by Savas Patsalidis*
Internationally acclaimed theatre and film director, Haris Pašović, made his name in the late 1980s with his landmark production in Belgrade of Frank Wedekind’s Spring’s Awakening.
When Sarajevo fell under siege, Pašović returned to the city. He remained active throughout this traumatic period, directing plays and also creating the first Sarajevo Film Festival, with the theme of “Beyond the End of the World.” Pašović produced the now-legendary Waiting for Godot, directed by Susan Sontag. He also managed to make yet another exceptional venture during the Siege of Sarajevo, when he led the Sarajevo Festival Ensemble on tour in France with the shows Silk Drums, based on the Japanese classical theatre, Noh, and In the Country of Last Things, by Paul Auster. The tour began with a two-week presentation in Paris at Peter Brook’s Bouffes du Nord, and then continued in several French cities, after which Pašović and his ensemble returned to the besieged city!
Hamlet, by East West Centre Sarajevo, directed by Haris Pašović
In recent years, his Class Enemy, by Nigel Williams, has been on the program at the Edinburgh International Festival, Singapore Arts Festival and many other festivals. Football, Football was on the programs of the Napoli Teatro Festival Italia, Singapore Arts Festival and National Arts Festival of South Africa.
His documentary, Greta, about Greta Ferušić, a survivor of both the Auschwitz death camp and the Siege of Sarajevo, was shown at the documentary film festivals in New York, London, Amsterdam, San Francisco, Rome, Stockholm, Sarajevo, Ljubljana and others.
In April 2012, “Sarajevo Red Line” commemorated those who were killed in the city’s siege twenty years earlier. “Sarajevo Red Line” was a concert and a visual art installation consisting of 11,541 red chairs, one for each victim, placed on the main street of Sarajevo. The event was attended by countless thousands of people and was reported worldwide.
In 2013, The Conquest of Happiness, Pašović’s spectacular theatre event inspired by the writings of Bertrand Russell, had its world premiere in the U.K. at the Derry/Londonderry City of Culture.
In 2014, Pašović directed a massive multimedia event, A Century of Peace After the Century of the Wars, in Sarajevo, on the very site of the Sarajevo Assassination, for the 100-year anniversary of the beginning of the First World War. The show was co-produced with the French Mission Centenaire.
Pašović is currently the artistic director of Mittelfest, as well as the artistic director of the East West Centre Sarajevo and a professor of Theatre and Film Directing at the Performing Arts Academy Sarajevo. He teaches at universities in Slovenia and Serbia, and gives lectures and workshops internationally, too. He also writes plays, essays and articles.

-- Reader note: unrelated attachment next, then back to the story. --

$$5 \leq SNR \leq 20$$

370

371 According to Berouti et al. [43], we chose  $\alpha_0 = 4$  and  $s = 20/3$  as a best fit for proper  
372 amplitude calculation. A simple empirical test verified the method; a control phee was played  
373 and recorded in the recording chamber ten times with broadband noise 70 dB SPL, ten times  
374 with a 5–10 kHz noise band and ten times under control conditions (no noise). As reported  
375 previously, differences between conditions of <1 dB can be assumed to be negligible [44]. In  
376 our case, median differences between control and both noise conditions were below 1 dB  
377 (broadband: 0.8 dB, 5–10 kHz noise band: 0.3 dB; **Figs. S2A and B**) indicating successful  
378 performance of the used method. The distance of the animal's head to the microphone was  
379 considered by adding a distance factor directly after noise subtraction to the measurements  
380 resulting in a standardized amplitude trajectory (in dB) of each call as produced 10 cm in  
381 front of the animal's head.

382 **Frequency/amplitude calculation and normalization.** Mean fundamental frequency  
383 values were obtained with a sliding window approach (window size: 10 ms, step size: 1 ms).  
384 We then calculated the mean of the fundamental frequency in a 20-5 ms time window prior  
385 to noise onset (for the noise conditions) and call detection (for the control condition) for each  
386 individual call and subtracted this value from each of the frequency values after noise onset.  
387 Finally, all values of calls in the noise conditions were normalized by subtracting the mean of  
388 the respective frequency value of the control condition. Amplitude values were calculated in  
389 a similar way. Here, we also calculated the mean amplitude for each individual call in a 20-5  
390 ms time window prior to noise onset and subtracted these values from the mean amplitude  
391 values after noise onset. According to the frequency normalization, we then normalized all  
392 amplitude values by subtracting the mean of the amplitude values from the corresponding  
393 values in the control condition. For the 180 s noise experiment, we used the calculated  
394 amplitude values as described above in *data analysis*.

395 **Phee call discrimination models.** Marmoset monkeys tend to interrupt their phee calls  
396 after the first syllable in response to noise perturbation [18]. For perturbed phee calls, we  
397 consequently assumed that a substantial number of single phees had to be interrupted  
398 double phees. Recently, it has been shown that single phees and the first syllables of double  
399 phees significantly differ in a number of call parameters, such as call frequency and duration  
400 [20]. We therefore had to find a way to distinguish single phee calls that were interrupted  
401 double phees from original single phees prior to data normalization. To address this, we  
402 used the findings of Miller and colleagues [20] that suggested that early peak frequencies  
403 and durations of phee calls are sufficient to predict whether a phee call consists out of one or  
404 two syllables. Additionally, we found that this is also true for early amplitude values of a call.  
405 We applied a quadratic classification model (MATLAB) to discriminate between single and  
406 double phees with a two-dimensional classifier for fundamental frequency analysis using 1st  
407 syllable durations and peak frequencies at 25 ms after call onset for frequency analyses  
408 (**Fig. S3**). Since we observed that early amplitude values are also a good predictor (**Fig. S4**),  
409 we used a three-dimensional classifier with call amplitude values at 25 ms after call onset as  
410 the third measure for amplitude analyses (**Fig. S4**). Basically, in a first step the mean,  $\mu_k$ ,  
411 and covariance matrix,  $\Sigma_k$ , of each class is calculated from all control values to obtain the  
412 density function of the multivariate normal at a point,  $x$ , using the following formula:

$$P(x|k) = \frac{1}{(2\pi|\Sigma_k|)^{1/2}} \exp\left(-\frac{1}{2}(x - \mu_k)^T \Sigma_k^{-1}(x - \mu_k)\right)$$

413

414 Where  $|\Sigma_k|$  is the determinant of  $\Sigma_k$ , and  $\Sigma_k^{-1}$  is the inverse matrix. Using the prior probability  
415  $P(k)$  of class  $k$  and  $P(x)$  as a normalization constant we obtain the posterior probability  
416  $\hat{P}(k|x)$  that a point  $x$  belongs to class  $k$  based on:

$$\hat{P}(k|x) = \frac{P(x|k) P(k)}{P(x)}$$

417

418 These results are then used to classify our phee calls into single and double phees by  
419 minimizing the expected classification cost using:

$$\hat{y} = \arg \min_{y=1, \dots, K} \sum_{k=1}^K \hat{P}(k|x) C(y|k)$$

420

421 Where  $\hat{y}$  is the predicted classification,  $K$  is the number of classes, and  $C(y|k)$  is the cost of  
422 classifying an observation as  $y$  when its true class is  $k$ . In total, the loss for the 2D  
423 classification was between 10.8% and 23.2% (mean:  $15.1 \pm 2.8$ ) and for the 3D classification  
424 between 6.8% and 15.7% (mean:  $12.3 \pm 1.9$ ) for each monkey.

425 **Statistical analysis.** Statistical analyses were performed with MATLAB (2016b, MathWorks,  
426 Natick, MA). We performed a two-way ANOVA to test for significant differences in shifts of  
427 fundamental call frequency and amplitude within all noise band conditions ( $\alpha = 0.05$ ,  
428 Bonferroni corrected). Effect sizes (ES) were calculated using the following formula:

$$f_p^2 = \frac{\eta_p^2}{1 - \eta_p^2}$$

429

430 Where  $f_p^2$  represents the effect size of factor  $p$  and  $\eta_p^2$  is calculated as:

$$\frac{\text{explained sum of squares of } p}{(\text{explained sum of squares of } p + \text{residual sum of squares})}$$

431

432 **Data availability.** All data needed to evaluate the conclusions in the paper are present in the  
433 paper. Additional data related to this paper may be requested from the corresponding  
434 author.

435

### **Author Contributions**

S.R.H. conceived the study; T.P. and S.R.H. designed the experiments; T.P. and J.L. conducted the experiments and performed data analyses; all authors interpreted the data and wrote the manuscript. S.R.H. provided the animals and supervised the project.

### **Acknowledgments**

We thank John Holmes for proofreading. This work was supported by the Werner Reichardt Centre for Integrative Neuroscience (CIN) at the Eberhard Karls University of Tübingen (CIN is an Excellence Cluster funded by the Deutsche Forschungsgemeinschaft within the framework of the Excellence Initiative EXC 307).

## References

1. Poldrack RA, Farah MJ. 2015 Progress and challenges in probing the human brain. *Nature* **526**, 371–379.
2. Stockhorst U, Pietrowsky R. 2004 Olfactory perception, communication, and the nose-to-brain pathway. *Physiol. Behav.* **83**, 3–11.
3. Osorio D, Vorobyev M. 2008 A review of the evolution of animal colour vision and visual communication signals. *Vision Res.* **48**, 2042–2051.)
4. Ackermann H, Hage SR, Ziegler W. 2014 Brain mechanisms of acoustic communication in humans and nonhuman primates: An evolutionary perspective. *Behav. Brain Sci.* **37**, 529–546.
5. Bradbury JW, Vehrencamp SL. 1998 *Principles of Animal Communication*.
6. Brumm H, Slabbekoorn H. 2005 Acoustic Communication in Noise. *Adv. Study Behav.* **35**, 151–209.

Mittelfest represents a very significant artistic focal point in Central Europe, Mr Pašović says. Founded in 1991, it brings together the artistic ideas originating in this creatively potent European area, with those of Italian culture. As the major logistical route and tourist region, Friuli Venezia Giulia is also a platform for the meeting and exchange of cultural forces from the north of Poland and Germany to the south of Italy and Albania, and from Romania and Serbia to Switzerland. The Balkans should be seen as a large MittelEurope.
The basic values of Mittelfest are: Creating a common ground for European identity; open-mindedness; an international spirit; consideration of local cultures; European values; sensitivity regarding human rights and freedom of expression; dialogue; curiosity; surprise; joy; a sense of adventure and creative energy.
Europe’s identity crisis is evident. Confused between its past, when it was the main player in the world, and its uncertain future, Europe feels that it needs to reinvent itself urgently in order to remain relevant and prosperous. MittelEuropa reflects a contemporary European challenge. It summarizes, according to MrPašović, some of the most important European questions of our times, such as:
What is Europe’s role in so-called “globalization”? How does multiculturalism shape today’s Europe? Is immigration a problem or a solution? How can Europe remain competitive in the economy, culture and sports on the global stage?
Mr Pašović believes that Mittelfest can contribute significantly by focusing on European creativity and its inventive spirit.
Mr. Pašović, let me first congratulate you on your appointment as the artistic director of MittelFest. You carry on your shoulders long experience on the festival circuit. Do you see anything different in this new post? Any particular challenges?
Each festival is particular. A festival is more than just a collection of different programs. It is storytelling. It is also so connected with our contemporary moment, with local and international contexts, with financial circumstances, and above all, with the artists and audiences. I see Mittelfest as a platform for the artists from Central and South Eastern Europe, as well as Western Europe. The artists from our parts of the world are so underrepresented in the West. It is a great shame. I believe that we can build a true meeting point at Mittlefest. I am an artist before all and my focus will be primarily on the artists and audiences.